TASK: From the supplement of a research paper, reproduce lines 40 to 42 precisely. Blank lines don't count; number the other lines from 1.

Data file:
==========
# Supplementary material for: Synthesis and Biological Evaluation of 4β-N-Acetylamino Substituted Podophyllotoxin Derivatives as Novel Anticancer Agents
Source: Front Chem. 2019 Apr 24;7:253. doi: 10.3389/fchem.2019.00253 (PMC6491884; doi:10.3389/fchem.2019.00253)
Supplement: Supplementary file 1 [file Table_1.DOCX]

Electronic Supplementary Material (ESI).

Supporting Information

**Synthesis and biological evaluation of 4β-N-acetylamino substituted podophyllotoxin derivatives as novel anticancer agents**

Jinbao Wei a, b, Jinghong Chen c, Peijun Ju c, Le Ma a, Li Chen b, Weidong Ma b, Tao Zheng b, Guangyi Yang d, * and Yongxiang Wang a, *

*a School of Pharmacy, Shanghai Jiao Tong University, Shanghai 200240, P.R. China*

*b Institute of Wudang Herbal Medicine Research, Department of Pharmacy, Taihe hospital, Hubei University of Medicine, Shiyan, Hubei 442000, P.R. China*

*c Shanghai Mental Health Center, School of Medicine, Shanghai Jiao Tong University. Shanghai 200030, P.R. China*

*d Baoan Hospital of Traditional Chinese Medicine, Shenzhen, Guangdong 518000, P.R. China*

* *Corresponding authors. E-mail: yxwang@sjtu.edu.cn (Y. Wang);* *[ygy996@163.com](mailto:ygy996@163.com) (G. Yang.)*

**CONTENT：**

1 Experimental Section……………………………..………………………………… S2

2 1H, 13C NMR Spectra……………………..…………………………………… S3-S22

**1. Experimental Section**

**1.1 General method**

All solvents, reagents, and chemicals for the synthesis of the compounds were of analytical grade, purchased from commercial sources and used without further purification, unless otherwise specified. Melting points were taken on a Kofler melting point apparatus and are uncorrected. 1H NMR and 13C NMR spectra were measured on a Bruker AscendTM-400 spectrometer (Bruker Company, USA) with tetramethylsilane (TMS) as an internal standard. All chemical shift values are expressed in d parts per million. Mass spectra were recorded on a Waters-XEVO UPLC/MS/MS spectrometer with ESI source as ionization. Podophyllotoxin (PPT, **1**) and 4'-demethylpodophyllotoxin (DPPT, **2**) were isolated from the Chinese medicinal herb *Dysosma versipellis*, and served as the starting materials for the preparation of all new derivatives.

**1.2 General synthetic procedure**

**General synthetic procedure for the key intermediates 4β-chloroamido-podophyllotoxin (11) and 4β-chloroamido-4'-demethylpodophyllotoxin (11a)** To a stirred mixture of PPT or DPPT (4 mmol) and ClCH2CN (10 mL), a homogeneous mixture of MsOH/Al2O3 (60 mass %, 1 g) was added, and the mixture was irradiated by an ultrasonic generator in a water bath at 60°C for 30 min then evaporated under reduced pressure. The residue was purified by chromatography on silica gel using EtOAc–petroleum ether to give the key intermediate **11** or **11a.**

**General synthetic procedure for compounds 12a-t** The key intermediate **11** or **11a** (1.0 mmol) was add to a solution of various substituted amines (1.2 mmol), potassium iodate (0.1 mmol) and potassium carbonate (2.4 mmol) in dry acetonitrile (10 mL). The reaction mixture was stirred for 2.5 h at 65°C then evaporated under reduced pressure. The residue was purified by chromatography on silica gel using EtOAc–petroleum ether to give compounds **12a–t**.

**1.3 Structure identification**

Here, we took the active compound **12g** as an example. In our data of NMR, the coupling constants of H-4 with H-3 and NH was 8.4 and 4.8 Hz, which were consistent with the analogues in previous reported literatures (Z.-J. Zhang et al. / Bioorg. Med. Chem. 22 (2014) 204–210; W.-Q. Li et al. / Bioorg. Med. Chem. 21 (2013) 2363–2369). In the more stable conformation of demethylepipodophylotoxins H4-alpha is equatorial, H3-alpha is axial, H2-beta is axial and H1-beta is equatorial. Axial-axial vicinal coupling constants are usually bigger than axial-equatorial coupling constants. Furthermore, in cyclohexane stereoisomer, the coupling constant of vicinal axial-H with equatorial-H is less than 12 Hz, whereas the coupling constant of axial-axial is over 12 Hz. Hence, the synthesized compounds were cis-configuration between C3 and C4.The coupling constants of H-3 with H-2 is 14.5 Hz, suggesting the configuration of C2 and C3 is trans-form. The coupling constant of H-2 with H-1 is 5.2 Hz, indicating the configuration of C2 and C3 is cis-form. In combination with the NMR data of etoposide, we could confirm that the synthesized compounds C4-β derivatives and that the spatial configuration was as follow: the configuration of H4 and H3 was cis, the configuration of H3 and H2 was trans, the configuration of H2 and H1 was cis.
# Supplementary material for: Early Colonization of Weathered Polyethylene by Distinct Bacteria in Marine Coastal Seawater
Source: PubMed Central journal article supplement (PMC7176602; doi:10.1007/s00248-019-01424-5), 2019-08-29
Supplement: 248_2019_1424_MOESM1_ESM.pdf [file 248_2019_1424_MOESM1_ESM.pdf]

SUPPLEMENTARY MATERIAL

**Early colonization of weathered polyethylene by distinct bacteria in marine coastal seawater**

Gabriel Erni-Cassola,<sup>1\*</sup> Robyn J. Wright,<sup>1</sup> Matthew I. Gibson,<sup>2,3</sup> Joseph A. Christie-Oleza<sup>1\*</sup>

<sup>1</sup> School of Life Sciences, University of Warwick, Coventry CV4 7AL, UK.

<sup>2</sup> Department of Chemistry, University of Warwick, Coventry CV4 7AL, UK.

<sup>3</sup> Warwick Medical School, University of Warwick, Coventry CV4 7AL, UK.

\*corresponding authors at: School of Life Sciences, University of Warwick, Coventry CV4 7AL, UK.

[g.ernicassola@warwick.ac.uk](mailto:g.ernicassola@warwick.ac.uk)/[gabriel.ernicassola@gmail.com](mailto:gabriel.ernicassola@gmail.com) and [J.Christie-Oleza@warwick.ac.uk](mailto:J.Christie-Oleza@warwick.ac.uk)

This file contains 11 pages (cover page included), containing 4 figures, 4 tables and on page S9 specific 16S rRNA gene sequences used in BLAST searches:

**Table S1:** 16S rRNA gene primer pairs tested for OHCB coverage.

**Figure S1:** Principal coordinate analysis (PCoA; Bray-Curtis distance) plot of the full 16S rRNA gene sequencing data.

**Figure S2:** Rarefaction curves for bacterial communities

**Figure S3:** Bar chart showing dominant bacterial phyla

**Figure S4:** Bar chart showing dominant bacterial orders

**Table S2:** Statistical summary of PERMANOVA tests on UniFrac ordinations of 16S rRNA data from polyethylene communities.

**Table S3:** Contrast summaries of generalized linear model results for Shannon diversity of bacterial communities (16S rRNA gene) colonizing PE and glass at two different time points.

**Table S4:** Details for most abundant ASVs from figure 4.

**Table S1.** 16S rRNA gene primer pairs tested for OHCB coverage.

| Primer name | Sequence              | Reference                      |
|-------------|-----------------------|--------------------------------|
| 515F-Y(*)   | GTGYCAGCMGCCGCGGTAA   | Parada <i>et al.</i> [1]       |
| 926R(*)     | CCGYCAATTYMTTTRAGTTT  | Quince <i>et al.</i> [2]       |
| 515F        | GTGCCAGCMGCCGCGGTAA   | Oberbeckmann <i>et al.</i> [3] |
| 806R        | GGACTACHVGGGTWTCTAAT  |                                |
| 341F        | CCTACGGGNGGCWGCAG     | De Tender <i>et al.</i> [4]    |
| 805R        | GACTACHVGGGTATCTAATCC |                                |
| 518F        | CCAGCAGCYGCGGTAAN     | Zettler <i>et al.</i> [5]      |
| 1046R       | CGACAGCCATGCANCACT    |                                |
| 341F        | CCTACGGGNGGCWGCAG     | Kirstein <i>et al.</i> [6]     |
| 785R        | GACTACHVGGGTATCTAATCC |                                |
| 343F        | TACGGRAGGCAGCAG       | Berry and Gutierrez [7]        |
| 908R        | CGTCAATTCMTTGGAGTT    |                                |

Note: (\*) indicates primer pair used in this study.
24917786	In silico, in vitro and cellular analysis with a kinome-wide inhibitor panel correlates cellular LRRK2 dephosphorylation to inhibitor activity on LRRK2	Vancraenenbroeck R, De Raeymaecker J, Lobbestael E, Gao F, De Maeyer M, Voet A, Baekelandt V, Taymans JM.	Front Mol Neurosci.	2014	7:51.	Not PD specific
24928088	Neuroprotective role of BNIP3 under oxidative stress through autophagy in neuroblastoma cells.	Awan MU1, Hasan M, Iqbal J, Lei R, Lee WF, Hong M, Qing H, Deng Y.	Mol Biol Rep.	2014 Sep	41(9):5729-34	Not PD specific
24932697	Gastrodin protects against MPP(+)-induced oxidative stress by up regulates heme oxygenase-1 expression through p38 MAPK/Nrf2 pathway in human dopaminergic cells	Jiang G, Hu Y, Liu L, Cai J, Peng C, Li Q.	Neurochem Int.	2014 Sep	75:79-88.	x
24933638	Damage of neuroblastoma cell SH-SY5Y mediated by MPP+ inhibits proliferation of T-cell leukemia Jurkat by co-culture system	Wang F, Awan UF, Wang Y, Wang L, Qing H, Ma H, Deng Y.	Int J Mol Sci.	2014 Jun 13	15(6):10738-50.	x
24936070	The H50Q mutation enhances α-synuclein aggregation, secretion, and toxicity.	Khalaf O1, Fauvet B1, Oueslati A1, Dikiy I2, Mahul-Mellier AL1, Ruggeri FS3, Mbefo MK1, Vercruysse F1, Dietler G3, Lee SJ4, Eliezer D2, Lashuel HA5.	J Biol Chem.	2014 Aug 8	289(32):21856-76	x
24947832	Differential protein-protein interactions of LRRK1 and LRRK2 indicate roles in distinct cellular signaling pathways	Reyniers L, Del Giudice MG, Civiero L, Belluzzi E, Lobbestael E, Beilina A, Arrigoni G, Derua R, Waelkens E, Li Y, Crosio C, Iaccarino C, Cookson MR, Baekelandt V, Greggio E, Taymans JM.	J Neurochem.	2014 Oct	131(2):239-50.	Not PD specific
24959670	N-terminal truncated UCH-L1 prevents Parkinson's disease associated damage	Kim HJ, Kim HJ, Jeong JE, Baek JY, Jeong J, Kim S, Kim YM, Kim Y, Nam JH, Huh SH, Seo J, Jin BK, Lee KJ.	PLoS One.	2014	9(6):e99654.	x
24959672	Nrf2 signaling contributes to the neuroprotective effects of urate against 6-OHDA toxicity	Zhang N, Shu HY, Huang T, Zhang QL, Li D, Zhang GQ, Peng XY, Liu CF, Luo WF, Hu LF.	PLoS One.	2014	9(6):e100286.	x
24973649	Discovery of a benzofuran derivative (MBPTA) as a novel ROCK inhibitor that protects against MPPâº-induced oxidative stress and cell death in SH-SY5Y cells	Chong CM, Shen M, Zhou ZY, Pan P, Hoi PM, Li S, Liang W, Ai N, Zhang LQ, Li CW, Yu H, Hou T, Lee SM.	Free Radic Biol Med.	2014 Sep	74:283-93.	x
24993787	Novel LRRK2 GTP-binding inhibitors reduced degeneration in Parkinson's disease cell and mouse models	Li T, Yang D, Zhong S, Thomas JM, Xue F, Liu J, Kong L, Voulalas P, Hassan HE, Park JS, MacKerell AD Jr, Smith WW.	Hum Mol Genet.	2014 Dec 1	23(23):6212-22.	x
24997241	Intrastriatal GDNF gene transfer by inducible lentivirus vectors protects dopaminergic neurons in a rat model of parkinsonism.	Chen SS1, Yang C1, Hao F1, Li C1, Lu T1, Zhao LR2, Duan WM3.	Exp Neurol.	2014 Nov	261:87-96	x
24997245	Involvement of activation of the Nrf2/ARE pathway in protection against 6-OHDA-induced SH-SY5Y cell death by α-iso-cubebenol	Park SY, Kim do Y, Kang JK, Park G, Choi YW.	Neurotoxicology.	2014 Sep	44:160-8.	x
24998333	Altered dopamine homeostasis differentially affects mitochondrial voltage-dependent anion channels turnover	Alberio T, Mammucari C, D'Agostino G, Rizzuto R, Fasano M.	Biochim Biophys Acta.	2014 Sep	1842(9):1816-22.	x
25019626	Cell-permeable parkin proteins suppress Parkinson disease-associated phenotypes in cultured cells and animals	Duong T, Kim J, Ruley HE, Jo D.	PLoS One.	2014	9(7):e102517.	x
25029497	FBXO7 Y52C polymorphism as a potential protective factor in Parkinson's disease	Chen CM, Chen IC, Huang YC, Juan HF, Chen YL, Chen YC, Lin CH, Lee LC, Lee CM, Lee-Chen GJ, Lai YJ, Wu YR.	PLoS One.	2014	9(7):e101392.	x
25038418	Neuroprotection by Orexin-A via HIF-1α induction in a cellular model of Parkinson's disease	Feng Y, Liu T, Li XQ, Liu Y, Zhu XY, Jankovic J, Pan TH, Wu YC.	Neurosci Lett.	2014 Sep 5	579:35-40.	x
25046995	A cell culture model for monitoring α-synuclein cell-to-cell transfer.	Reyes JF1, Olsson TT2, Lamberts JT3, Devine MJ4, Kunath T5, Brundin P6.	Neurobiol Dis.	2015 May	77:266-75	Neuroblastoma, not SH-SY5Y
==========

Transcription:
**Figure S4:** Bar chart showing dominant bacterial orders

**Table S2:** Statistical summary of PERMANOVA tests on UniFrac ordinations of 16S rRNA data from polyethylene communities.

**Table S3:** Contrast summaries of generalized linear model results for Shannon diversity of bacterial communities (16S rRNA gene) colonizing PE and glass at two different time points.